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Map of Sunset Roadless Area.

The Fight To Defend The Sunset Roadless Area — And Our Climate

  • Edward T. of Arvada, Colorado:“My wife and I are long-term residents of Colorado. This is our state, and we want it protected from exploitation. It is time for our government to do what is best for the nation and its citizens.”
  • Ann S. of Haxtun, Colorado:“Our family owns property adjacent to Gunnison National Forest. We hunt and recreate, farm and ranch. We treasure the wildlife and do not want anything there to do with coal whatsoever ...”
  • Ann S. of Haxtun, Colorado:“... We have solar and wind power—and want to see much more of it.”
  • Elizabeth F., Denver, Colorado:“We cannot create new wilderness. Please protect the wilderness areas we have!”
  • Gwen F. of Denver, Colorado:“This is not the 1800's and 1900's. There is new technology. There is wind and solar power, and it creates new jobs. Give up the old destructive ways of the past.”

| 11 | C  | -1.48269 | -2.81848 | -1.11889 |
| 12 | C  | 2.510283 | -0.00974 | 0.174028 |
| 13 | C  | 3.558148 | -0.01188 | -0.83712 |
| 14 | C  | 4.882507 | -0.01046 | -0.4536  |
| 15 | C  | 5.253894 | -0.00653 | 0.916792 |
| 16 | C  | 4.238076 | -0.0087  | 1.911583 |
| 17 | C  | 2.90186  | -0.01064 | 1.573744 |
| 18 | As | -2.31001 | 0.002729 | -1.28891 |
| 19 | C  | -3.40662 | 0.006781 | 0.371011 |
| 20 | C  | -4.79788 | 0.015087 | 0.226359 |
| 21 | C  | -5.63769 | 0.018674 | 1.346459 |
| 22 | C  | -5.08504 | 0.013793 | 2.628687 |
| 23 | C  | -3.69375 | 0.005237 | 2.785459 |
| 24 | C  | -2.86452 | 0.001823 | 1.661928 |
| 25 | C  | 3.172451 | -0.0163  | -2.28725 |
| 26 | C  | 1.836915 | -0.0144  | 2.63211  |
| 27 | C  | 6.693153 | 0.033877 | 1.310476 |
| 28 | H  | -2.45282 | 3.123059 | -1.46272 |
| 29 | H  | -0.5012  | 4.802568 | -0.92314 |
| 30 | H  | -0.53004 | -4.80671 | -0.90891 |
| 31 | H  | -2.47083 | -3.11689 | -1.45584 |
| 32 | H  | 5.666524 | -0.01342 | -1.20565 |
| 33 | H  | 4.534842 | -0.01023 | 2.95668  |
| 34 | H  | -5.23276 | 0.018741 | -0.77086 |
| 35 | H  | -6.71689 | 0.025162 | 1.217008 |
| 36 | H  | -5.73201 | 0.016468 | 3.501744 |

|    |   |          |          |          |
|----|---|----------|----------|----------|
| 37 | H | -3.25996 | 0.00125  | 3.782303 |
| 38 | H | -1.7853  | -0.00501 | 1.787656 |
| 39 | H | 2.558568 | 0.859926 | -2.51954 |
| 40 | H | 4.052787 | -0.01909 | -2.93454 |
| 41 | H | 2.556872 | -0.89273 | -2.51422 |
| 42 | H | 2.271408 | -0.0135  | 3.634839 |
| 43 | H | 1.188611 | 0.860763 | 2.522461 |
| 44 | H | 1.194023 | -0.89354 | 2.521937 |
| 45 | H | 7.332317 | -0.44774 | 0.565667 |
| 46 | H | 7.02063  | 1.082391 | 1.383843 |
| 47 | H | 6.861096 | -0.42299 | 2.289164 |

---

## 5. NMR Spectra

• Christina A., Longmont, Colorado:“There is no way to put a price or value on our roadless, wilderness areas. Once they are gone, they are gone forever. Nothing of value was ever achieved or preserved by greed.”
  • Susanna D. of Albuquerque, NM:“I am a frequent visitor to Colorado and know its pristine wilderness areas well. I am shocked to think of violating one of these beautiful areas for a few tons of dirty coal.”
  • Stephanie of Colorado:“I seek out secluded backcountry spots like these roadless forests. There, I am able to find peace and tranquility to recharge myself for the hectic daily life of an acute care nurse ...”
  • Stephanie of Colorado:“... These wild sanctuaries must be preserved, not sacrificed for the profits of corporations that accelerate the destruction of our precious planet.”
  • Matt F. of Goodrich, MI:“The need for energy cannot forever be a reason to pick away at our nation's ecological treasures ...”
  • Matt F. of Goodrich, MI:“... We will someday have to rely on renewable energy. It makes more sense to embrace that truth now and protect our roadless areas, before we have nothing left to protect.”
  • Richard G. of Colorado:“Almost 40 years ago, our family moved to Colorado to take advantage of the healthy environment and clean air. Another coal mine will cause serious degradation of these resources ...”